There are people—you’ve met them—who love their pets far more than many parents love their children. Don’t mock them. Don’t pity them. Be grateful. Odds are their veterinarians will play a bigger role in saving your life—or the life of your sick child—than your own doctor.

Veterinarians for pampered pets will soon be in the vanguard of human health care, and the reason is regulatory. Controversial restrictions on embryonic-stem-cell research and cloning effectively squelch efforts to bring these biotechnologies to bear on human therapies. The moral quandaries and bioethical concerns underlying these restrictions can’t be dismissed. But the different standards we apply to animals create provocative loopholes for the innovative and opportunistic biomedical entrepreneur.



Please follow the money. Legally, ethically, morally—and yes, even financially—pet lovers are superbly positioned to fund breakthrough biotechnology treatments and genetic therapies for their loved ones. Americans now spend $19 billion a year on veterinary care, up from $11 billion just seven years ago, according to a recent New Yorker article on pet care. That $19 billion figure approximates the research and development budget for the National Institutes of Health, which oversee public medical research funding in the United States. The rate of growth remains robust.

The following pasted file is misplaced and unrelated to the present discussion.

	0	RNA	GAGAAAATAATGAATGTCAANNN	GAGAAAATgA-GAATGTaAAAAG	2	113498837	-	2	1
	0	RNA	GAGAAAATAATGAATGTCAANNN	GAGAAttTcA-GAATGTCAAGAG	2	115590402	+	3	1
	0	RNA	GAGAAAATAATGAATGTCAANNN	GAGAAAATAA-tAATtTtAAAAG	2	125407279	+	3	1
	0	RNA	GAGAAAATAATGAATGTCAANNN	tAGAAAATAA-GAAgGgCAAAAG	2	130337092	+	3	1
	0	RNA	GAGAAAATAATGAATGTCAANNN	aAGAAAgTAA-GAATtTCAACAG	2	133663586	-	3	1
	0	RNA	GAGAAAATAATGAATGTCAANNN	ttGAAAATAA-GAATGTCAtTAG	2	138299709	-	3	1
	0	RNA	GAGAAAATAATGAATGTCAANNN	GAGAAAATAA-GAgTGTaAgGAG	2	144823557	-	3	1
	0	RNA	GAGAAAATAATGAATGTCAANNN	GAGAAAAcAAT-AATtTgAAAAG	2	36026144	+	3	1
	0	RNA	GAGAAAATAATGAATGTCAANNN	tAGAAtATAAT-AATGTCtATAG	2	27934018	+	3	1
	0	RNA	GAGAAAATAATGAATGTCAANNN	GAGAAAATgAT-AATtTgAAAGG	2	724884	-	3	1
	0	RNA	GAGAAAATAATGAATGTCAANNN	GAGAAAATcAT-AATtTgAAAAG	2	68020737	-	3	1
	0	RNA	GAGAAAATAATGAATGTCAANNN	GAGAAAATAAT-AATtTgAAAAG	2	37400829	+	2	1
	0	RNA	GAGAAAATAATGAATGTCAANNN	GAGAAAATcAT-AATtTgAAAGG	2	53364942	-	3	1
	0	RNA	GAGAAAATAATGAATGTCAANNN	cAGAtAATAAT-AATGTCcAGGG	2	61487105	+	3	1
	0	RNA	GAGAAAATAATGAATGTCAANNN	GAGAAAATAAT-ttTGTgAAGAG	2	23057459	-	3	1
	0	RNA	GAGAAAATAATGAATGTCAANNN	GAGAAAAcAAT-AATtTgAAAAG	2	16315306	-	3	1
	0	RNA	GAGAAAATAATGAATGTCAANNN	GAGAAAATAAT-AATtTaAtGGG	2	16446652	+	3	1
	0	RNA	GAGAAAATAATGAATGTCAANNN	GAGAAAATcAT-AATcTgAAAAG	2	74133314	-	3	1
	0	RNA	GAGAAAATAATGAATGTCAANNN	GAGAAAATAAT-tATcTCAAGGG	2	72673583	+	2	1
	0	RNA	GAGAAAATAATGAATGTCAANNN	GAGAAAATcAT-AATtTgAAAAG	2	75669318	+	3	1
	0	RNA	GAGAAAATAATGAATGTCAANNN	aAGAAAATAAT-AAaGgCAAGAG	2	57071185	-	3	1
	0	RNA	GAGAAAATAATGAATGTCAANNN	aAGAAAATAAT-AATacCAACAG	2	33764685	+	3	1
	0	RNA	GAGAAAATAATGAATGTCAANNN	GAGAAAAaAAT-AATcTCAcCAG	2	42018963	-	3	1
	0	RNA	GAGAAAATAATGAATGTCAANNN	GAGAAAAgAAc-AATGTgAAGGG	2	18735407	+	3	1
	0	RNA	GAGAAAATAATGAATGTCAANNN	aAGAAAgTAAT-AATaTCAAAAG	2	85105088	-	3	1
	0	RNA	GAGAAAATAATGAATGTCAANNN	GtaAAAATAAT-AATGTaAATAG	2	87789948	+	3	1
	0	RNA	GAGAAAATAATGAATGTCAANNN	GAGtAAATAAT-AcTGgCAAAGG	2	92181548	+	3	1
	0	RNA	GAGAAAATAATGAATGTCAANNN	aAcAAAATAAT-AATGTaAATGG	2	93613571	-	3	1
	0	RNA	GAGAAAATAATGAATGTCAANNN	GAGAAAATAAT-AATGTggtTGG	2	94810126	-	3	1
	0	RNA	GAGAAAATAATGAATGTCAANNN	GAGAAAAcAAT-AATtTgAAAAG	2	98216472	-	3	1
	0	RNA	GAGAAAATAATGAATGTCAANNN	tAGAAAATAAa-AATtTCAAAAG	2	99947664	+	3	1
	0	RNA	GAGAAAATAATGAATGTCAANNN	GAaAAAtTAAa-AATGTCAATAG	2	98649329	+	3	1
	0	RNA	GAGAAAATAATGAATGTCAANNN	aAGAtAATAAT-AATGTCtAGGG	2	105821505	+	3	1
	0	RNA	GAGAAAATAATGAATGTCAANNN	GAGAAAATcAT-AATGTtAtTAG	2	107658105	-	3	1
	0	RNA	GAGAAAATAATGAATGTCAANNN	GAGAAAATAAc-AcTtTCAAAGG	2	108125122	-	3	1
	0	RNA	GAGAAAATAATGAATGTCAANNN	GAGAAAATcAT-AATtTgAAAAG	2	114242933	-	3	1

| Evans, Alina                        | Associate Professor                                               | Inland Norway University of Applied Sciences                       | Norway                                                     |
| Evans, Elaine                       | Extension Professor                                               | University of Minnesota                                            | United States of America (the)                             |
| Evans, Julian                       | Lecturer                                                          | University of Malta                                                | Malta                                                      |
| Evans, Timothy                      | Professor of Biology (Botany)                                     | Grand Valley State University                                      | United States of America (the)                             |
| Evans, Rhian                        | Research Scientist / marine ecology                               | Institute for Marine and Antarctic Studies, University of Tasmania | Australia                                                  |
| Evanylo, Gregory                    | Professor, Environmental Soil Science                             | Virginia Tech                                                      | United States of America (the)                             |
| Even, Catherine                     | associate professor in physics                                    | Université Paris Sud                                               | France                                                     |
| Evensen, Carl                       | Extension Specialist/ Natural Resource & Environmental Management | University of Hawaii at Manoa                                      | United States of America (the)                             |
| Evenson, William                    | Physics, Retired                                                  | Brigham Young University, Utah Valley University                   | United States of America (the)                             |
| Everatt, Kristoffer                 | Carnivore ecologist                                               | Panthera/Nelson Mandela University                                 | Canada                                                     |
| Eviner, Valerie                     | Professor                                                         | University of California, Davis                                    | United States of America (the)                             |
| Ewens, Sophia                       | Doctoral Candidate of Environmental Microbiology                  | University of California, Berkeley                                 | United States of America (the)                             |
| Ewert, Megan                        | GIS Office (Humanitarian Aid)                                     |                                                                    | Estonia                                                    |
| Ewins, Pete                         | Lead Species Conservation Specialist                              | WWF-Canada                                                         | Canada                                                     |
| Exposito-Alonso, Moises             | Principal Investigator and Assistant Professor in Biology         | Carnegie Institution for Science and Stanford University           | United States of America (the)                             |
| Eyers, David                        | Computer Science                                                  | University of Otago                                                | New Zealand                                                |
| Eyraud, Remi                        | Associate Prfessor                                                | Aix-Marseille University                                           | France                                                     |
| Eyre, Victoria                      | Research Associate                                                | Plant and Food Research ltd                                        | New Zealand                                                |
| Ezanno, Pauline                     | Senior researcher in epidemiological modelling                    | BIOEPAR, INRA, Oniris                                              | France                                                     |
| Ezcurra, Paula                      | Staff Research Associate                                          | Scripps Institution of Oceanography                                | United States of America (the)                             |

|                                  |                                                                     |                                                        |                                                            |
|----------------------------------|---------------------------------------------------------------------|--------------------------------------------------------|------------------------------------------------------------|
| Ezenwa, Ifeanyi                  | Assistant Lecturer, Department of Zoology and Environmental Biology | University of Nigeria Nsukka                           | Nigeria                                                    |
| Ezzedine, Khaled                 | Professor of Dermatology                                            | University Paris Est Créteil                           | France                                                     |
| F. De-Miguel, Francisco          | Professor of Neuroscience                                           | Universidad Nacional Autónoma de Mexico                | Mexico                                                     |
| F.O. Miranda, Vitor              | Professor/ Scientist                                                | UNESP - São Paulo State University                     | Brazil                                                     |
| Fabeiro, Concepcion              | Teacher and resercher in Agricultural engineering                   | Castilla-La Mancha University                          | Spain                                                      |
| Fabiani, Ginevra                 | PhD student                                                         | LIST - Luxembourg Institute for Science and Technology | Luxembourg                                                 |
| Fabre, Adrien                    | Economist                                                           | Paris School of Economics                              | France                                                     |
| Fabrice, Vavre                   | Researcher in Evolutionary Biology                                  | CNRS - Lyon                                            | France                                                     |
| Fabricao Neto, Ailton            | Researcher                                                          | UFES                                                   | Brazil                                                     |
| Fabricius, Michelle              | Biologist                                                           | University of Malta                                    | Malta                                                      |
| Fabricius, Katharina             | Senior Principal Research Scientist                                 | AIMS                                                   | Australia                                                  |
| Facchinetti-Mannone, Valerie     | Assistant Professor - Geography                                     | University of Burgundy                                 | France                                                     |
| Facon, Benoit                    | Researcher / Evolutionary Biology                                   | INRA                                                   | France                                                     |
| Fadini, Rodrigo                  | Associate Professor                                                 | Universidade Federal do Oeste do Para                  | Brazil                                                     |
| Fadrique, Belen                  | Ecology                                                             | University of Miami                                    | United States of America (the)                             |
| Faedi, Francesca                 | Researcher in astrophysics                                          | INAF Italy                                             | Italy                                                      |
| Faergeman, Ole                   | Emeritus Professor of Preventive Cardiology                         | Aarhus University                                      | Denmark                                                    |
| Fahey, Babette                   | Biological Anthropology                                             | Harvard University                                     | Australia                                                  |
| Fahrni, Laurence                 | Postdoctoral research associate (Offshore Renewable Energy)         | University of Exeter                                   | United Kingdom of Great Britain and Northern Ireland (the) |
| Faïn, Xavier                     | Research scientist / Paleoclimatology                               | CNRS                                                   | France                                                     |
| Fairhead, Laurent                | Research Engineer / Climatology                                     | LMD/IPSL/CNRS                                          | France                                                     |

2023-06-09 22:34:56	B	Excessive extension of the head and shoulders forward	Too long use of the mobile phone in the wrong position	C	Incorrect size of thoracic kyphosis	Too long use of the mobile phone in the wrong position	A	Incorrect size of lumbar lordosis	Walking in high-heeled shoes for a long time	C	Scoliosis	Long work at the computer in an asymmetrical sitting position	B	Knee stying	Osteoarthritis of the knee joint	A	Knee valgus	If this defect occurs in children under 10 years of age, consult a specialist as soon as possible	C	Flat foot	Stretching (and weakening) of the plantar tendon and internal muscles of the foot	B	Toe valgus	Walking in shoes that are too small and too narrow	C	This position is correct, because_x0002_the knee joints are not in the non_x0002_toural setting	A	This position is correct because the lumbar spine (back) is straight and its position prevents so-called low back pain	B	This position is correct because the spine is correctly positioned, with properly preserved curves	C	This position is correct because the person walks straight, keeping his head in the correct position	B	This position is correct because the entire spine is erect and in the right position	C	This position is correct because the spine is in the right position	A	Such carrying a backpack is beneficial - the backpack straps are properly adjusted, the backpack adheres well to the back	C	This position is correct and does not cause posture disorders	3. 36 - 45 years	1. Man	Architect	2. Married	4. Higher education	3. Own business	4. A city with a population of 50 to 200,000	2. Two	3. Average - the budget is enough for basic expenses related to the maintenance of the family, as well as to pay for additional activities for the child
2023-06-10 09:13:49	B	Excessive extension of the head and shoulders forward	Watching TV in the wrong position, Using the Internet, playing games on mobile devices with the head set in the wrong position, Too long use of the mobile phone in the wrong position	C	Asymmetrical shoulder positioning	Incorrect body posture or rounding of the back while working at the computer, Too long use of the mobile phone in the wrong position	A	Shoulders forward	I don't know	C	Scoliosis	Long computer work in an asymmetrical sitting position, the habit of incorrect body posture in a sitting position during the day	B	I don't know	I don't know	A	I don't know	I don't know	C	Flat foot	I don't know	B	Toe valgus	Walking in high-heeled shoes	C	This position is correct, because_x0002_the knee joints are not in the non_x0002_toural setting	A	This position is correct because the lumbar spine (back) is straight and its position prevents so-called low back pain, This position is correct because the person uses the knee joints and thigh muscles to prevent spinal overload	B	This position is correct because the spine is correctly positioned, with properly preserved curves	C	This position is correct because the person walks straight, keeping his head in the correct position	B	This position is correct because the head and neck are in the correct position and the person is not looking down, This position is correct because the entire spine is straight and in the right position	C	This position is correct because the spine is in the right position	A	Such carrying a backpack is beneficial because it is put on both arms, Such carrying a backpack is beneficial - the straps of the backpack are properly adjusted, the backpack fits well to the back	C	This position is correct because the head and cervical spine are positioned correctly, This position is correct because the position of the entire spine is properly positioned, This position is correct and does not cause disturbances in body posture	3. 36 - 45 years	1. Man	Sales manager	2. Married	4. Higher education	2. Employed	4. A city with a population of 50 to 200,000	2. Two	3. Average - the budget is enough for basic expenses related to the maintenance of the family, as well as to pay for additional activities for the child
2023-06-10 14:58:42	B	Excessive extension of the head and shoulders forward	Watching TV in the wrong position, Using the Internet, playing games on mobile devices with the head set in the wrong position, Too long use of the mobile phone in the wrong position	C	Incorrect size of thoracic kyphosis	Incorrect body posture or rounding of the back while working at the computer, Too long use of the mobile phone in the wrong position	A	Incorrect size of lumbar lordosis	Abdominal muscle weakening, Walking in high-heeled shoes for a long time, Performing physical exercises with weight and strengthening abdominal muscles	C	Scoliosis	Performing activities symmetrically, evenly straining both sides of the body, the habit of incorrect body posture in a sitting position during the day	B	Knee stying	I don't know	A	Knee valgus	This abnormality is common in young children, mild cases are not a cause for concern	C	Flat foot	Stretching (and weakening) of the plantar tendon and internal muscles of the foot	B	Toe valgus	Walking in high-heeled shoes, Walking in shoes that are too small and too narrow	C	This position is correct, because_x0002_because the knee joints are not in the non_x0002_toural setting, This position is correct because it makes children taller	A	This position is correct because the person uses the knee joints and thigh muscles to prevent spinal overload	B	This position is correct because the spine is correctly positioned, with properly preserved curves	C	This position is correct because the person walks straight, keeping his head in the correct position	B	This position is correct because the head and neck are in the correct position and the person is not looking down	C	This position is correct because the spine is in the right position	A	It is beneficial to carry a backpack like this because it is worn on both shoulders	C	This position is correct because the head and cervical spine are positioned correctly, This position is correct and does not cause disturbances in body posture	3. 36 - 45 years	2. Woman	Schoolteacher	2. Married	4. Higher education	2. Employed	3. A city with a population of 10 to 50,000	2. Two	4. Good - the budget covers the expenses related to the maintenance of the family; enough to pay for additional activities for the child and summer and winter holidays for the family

But even more significant than mere money is the rapidly increasing sophistication of veterinary care. Little more than 20 years ago, the New Yorker observed, all vets were general practitioners, and neutering and spaying were among the most elaborate procedures they performed. Today you can take your pet to a veterinary cardiologist, oncologist, radiologist, or ophthalmologist—indeed, the American Veterinary Medical Association now includes more than 7,000 such specialists.
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